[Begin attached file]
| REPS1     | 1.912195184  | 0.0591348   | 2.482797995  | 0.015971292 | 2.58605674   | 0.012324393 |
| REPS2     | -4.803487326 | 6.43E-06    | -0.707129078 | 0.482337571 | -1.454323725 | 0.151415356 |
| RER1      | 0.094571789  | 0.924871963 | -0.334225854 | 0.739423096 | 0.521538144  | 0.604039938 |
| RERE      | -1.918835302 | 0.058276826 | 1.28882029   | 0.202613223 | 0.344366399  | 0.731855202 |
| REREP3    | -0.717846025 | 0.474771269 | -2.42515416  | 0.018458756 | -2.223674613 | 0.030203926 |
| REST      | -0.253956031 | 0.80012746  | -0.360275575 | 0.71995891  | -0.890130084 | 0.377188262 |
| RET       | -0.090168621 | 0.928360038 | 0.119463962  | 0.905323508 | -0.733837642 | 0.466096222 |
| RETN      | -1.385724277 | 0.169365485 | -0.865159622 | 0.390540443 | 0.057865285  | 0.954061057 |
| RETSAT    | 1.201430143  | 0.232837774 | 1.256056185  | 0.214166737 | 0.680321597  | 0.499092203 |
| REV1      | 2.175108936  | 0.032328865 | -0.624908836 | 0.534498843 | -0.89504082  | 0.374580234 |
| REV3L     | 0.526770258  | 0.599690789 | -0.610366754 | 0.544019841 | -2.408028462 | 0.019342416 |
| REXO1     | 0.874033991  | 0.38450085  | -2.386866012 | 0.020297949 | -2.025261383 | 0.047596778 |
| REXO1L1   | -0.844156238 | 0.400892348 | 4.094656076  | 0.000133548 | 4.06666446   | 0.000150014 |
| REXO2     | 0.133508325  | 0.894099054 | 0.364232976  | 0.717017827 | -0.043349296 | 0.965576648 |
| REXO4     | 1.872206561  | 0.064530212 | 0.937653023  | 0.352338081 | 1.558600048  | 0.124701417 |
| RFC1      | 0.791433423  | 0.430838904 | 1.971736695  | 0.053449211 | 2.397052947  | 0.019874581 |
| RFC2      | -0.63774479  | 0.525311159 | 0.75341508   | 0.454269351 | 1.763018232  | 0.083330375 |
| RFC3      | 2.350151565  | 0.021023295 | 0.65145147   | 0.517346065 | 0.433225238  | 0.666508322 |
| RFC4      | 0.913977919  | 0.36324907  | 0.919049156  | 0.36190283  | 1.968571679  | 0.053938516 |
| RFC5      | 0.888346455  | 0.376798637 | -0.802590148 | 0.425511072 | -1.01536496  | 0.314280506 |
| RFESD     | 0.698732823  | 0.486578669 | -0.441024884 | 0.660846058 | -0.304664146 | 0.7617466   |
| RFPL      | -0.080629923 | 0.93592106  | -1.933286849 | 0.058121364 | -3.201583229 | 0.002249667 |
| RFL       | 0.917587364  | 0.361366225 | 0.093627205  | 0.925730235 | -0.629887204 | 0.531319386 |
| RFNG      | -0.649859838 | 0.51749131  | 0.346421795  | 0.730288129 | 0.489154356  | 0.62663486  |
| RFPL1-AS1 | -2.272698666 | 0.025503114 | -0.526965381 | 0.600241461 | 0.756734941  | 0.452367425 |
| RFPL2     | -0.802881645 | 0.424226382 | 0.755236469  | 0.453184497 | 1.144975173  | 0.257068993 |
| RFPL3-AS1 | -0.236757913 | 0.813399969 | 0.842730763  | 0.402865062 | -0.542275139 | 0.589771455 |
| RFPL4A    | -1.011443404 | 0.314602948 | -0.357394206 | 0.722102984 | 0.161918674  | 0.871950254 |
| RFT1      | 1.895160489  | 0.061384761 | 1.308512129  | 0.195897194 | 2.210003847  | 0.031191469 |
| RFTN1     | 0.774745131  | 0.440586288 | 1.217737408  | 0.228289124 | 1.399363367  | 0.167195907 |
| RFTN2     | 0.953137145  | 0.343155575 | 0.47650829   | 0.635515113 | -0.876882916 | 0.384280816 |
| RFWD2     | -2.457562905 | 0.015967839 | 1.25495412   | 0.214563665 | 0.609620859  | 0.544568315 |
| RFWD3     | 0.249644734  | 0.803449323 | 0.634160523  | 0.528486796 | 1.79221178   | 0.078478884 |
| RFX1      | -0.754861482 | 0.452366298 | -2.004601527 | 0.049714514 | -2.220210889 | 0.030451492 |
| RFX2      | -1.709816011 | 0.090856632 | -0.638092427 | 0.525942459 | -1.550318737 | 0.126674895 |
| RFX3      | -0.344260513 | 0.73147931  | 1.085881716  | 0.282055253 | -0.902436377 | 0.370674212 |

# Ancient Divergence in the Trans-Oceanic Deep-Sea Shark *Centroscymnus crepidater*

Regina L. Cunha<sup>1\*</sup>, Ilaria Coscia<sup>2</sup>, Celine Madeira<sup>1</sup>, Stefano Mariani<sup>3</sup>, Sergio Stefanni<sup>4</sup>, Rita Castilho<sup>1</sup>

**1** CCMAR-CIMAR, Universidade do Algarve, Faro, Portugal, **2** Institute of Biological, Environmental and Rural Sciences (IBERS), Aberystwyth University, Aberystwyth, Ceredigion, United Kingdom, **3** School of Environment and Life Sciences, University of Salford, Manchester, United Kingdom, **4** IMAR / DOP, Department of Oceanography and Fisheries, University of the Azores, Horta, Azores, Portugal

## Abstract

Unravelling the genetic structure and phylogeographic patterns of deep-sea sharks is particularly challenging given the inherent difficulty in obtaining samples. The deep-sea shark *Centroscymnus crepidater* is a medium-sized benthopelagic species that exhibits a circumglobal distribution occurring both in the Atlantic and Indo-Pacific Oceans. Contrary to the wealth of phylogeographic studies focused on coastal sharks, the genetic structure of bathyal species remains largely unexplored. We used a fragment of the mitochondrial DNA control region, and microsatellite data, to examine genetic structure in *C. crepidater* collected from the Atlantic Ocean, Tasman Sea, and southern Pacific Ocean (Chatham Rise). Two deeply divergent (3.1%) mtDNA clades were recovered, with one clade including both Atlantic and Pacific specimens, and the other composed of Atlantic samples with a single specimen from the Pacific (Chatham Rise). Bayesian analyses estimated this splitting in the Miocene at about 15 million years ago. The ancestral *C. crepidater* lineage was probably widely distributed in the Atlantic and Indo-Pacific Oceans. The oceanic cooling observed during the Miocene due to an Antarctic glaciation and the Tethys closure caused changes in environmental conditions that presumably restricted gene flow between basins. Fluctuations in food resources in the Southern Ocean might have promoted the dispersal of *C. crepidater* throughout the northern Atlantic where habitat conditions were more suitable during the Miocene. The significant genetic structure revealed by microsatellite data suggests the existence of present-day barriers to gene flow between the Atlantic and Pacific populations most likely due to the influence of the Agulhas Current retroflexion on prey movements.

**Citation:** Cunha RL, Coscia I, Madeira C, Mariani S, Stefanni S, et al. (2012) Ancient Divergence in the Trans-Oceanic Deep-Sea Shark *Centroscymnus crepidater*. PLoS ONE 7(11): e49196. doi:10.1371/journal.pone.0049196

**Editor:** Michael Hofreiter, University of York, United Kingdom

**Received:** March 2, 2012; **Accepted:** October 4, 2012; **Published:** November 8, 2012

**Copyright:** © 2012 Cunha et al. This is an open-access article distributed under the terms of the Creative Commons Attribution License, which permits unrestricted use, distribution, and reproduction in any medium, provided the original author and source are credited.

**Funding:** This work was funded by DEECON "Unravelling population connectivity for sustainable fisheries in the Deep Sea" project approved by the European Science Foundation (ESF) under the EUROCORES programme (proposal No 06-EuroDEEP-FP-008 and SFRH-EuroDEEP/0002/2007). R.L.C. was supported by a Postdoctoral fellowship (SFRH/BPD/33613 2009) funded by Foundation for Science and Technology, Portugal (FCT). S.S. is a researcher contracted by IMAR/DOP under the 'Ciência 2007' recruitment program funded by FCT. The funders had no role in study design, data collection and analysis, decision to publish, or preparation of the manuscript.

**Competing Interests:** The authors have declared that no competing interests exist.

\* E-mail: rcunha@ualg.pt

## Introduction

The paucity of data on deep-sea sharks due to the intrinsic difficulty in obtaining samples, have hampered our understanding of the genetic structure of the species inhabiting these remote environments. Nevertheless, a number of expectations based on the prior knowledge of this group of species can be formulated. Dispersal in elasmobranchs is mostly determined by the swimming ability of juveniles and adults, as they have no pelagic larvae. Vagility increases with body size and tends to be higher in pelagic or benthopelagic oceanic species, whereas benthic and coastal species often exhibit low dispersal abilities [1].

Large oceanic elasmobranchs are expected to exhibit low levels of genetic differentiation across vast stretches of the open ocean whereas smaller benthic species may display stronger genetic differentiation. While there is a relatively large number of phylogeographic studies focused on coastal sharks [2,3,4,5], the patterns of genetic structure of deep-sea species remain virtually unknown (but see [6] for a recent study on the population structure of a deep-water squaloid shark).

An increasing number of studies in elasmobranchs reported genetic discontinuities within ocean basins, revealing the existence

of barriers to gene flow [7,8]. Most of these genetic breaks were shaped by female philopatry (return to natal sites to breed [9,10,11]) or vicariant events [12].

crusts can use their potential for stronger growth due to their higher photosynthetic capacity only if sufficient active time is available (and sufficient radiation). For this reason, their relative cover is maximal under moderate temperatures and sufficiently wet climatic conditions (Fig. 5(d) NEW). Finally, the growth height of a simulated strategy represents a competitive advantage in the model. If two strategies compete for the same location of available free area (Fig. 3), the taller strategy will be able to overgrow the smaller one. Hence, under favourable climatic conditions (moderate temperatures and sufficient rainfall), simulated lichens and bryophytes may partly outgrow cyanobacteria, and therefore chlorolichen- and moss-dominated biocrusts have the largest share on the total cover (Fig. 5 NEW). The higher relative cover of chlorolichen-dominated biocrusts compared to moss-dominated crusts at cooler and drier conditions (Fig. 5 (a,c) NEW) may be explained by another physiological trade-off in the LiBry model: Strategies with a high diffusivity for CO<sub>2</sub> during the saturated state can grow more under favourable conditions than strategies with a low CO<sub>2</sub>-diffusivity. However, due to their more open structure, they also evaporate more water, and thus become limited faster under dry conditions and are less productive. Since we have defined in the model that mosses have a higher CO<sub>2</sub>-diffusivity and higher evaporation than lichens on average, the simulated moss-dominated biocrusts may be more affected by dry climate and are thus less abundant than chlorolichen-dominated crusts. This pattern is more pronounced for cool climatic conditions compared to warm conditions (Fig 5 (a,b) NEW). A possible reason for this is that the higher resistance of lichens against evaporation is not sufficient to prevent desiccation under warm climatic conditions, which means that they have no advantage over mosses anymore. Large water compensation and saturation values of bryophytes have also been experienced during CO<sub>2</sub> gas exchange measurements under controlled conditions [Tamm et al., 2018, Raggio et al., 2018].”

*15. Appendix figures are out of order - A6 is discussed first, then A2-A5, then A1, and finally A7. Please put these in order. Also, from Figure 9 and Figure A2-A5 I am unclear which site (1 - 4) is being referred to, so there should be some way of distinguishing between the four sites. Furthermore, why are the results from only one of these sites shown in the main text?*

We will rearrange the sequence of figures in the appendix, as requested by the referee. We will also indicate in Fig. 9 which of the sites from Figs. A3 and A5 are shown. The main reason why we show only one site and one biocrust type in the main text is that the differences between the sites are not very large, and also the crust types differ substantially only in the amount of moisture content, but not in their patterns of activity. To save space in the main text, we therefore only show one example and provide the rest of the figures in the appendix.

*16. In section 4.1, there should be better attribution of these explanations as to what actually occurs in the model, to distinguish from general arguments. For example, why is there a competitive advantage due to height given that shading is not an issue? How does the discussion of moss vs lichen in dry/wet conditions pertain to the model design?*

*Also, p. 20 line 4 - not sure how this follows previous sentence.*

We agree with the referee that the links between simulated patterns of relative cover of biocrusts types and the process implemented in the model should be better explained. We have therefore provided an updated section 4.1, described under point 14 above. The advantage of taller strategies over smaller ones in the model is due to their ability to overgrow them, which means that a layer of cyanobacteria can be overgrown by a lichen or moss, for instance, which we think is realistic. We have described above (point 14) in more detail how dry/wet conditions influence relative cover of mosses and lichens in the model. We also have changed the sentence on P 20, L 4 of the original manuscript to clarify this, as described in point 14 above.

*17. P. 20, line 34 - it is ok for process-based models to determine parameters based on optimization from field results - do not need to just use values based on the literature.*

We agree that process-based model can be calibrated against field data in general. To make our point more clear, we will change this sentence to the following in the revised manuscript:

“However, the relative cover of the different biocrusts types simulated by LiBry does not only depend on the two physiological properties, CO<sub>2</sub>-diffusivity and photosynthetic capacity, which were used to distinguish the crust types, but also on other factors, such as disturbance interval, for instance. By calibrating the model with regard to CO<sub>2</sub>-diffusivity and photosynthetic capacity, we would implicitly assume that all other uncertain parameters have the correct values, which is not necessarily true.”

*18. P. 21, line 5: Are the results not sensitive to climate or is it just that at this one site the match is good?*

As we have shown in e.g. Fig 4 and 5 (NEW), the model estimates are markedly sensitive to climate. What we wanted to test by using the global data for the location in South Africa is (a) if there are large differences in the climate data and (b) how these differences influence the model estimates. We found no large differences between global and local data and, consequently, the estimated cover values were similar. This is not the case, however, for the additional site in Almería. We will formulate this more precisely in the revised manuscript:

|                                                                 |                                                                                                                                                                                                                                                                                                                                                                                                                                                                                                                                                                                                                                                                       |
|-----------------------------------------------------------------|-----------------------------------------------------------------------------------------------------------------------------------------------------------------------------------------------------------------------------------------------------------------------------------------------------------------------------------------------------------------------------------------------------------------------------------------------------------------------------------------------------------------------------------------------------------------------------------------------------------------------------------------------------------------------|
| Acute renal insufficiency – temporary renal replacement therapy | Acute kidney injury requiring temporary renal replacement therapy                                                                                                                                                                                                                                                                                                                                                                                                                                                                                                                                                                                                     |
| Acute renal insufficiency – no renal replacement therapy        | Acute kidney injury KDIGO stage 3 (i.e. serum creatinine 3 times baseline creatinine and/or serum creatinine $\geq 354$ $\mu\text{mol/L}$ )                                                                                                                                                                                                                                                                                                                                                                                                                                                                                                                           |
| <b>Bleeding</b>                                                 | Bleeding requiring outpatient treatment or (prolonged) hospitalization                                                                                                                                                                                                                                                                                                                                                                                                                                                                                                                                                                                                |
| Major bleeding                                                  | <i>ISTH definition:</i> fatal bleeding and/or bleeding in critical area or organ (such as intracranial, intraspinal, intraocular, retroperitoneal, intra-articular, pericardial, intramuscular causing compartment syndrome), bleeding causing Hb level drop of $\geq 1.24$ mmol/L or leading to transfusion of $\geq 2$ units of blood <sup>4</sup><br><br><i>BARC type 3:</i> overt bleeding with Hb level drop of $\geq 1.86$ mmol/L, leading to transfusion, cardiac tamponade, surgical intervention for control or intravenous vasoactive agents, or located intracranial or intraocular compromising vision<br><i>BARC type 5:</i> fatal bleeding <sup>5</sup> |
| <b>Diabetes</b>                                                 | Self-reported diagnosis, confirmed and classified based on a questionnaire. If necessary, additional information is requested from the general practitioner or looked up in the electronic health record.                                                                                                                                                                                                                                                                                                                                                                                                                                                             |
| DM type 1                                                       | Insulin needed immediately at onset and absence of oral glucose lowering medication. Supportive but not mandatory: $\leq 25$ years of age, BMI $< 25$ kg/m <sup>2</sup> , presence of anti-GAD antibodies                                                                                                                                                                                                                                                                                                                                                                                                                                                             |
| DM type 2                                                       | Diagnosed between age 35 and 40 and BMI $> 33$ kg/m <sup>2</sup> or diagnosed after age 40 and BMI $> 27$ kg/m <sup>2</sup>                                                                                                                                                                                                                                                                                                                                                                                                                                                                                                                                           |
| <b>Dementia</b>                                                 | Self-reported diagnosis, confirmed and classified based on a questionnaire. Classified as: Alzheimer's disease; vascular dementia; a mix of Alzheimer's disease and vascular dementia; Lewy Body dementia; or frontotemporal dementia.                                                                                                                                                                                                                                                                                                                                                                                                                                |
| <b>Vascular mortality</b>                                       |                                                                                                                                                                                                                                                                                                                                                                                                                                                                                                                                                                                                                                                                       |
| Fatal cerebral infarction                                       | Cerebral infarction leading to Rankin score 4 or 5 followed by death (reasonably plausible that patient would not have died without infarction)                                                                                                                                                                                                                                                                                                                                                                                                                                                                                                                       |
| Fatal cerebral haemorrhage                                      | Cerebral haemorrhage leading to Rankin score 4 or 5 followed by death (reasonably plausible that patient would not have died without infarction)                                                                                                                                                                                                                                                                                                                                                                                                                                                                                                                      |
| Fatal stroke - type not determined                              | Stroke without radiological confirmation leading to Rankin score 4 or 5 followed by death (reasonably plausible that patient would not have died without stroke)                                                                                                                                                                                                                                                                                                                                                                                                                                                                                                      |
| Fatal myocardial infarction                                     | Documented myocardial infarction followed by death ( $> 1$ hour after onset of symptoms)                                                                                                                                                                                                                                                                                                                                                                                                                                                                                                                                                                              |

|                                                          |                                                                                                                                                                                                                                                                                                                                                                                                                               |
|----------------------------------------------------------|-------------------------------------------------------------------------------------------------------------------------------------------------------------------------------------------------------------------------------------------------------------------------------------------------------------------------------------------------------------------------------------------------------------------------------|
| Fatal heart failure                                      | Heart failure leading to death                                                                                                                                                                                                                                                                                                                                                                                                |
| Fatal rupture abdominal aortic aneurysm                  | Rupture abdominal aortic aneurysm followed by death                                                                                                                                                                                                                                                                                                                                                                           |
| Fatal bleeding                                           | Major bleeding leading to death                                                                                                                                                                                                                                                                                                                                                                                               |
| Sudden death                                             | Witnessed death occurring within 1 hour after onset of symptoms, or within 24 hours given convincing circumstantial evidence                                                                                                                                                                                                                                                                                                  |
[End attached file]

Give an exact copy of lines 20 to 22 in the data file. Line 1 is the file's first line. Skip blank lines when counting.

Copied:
| RFC5      | 0.888346455  | 0.376798637 | -0.802590148 | 0.425511072 | -1.01536496  | 0.314280506 |
| RFESD     | 0.698732823  | 0.486578669 | -0.441024884 | 0.660846058 | -0.304664146 | 0.7617466   |
| RFPL      | -0.080629923 | 0.93592106  | -1.933286849 | 0.058121364 | -3.201583229 | 0.002249667 |